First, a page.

A working baseline test should be introduced for reception pupils and statutory key stage 1 assessment should be “scrapped altogether”, a union leader has said as he warned heads could not “endure another year of chaos”.
Russell Hobby, the general secretary of the National Association of Headteachers, told the union’s annual conference in Birmingham today that schools should “return to the idea” of a reception baseline, a suggestion he acknowledged as “unpopular”.
The government changed its stance on controversial new baseline tests last month following significant concerns over their comparability. It also faced criticism over its handling of other primary assessments, including the leak and subsequent cancellation of the key stage 1 spelling and grammar test.
Hobby told delegates that measuring pupil progress requires schools to assess pupils at the start and end of their time at school. To achieve this, he said, testing should start at the beginning of school, not the middle.
“If we are to have a reception baseline, it has got to be one that works, not the mess that we’ve seen this year,” he said. “And we must ditch statutory assessment altogether at key stage 1.
“We cannot have two high stakes tests for young children. If we truly judge schools on their results, then interim measures have no place in our system. They are an intrusion on the autonomy of school leaders and a sign of distrust.”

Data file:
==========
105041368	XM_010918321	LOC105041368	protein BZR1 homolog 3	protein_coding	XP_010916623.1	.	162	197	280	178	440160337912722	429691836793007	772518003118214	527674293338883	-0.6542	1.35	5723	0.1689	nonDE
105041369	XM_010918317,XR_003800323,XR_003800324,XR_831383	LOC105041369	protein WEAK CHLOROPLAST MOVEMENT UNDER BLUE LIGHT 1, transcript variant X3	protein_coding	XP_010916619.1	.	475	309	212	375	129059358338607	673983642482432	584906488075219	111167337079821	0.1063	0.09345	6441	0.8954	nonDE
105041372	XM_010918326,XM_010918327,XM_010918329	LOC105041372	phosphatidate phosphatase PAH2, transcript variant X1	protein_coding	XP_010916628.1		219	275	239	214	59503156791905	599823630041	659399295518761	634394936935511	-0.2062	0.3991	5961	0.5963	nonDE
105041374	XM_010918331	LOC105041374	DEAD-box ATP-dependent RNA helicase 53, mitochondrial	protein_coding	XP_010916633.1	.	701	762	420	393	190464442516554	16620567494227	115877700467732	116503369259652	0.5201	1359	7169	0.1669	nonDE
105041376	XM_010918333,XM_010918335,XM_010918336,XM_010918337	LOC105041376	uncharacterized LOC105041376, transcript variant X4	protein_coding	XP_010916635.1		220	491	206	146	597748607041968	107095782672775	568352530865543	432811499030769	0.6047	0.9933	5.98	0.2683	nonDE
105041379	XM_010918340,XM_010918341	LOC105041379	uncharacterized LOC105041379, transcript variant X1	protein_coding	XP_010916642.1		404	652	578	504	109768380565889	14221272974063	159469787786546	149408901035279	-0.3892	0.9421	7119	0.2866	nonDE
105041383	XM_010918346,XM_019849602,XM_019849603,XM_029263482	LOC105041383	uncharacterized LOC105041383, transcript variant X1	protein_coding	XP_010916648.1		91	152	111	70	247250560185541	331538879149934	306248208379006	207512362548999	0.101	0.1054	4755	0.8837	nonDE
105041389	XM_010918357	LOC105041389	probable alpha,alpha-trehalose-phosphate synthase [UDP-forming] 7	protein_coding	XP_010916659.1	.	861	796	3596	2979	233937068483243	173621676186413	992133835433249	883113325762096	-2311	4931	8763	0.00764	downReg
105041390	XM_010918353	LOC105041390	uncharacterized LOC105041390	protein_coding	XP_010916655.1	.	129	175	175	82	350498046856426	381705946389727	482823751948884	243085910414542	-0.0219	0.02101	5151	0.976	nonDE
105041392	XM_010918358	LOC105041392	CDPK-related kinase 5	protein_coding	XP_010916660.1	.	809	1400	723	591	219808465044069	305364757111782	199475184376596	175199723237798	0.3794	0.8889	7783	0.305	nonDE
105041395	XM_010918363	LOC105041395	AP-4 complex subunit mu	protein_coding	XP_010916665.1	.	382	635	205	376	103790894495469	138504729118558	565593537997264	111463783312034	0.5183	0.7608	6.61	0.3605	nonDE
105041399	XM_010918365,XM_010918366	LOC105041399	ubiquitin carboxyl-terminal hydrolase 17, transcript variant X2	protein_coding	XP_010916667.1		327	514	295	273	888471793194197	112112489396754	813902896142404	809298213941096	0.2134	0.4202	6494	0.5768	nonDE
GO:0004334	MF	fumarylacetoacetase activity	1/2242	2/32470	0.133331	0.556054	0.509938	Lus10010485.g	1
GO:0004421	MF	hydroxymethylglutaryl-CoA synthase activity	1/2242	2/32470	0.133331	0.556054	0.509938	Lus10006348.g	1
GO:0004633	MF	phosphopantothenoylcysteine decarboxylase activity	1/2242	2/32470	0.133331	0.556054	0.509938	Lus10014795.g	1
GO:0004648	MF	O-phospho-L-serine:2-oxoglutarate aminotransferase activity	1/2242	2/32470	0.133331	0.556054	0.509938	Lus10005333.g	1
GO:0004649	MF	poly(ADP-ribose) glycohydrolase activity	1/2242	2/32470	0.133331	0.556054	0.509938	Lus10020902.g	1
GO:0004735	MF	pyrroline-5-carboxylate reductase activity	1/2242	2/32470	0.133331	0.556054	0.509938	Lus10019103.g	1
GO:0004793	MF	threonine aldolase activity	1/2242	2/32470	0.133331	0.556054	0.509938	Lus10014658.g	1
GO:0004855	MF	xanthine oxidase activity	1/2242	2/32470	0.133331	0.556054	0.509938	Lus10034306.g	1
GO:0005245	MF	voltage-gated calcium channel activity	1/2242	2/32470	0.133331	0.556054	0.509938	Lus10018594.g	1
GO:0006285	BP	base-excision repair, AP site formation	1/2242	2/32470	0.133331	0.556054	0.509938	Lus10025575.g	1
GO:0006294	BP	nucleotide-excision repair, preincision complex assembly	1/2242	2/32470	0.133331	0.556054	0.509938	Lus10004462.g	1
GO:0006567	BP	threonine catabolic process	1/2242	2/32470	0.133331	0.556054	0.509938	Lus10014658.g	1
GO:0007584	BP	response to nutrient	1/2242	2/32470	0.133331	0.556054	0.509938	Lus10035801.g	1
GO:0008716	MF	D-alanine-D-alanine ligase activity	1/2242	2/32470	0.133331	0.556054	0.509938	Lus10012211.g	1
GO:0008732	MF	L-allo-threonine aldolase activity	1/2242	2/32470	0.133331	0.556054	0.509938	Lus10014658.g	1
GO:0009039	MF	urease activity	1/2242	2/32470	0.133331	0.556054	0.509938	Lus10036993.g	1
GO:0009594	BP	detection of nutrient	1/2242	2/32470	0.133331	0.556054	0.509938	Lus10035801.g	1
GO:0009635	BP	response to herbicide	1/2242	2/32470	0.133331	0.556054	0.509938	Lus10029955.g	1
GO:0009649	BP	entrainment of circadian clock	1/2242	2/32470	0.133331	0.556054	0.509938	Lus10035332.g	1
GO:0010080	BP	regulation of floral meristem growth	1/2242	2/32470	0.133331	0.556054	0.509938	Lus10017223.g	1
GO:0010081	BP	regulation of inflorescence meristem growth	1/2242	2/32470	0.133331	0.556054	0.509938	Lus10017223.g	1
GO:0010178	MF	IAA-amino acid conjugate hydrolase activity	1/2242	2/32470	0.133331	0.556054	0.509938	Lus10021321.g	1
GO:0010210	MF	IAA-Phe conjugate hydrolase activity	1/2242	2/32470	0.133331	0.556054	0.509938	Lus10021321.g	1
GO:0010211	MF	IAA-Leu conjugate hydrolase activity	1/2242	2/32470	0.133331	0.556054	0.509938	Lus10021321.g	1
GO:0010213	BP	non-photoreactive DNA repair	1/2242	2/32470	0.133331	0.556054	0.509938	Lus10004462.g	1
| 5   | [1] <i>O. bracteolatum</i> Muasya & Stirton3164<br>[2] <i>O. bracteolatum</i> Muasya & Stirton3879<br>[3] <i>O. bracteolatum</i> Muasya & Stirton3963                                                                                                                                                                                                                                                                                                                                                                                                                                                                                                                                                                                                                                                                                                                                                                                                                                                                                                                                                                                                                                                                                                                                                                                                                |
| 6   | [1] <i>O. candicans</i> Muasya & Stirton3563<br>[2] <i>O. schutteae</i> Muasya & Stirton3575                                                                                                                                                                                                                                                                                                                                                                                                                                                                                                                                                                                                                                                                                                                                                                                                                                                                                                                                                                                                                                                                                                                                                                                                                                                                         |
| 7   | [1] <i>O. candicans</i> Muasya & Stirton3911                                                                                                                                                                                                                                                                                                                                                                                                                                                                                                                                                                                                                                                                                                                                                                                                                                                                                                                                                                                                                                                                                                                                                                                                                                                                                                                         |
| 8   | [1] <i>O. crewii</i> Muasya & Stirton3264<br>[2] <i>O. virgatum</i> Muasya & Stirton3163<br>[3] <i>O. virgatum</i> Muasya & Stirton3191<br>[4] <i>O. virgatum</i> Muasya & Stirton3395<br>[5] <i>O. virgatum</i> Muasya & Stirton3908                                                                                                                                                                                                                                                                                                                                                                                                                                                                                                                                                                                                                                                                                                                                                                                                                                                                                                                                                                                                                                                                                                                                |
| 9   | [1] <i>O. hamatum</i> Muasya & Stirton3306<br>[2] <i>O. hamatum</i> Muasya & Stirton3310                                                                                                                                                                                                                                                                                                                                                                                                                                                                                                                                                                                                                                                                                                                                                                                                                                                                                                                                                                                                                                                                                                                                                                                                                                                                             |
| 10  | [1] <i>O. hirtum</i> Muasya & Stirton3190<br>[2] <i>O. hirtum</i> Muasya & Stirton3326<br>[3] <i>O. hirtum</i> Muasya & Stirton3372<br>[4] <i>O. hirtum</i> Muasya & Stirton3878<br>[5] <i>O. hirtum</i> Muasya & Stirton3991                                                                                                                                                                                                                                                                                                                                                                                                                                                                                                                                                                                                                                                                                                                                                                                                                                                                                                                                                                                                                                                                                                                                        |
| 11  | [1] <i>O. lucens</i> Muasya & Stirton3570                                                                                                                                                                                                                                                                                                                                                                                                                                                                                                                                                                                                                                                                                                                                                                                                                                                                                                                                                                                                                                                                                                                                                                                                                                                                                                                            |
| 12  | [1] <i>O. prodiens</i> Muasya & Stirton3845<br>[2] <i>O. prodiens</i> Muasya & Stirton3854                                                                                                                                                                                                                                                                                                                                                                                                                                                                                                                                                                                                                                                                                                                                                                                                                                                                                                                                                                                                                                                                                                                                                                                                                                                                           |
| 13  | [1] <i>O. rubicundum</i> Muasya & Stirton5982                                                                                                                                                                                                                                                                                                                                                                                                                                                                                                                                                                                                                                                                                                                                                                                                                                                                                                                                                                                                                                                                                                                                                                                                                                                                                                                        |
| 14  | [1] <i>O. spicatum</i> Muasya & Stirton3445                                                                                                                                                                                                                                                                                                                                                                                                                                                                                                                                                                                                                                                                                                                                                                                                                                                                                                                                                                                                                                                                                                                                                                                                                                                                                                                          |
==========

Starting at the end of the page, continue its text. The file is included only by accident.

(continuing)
Hobby attacked the government over a “constant upheaval of assessment”, with “changes made at such a breakneck speed and at such volume that mistakes are inevitable”.
“A department that cannot publish the right test paper on a website is not a department we can rely on to successfully convert fifteen thousand schools to academies in the next few years,” he said.
“These mistakes are not ‘human errors’ but strategic errors of pace and engagement.”
A government spokesperson said: “We are committed to measuring pupils’ progress through primary school and are continuing to look at the best way of assessing children in the early years. We will engage actively with the profession as we do so.
“At KS1, schools are only required to submit teacher assessments for accountability purposes, not the results of tests. These are just one source of evidence used by teachers when assessing children and should be considered alongside pupils’ work in the classroom.”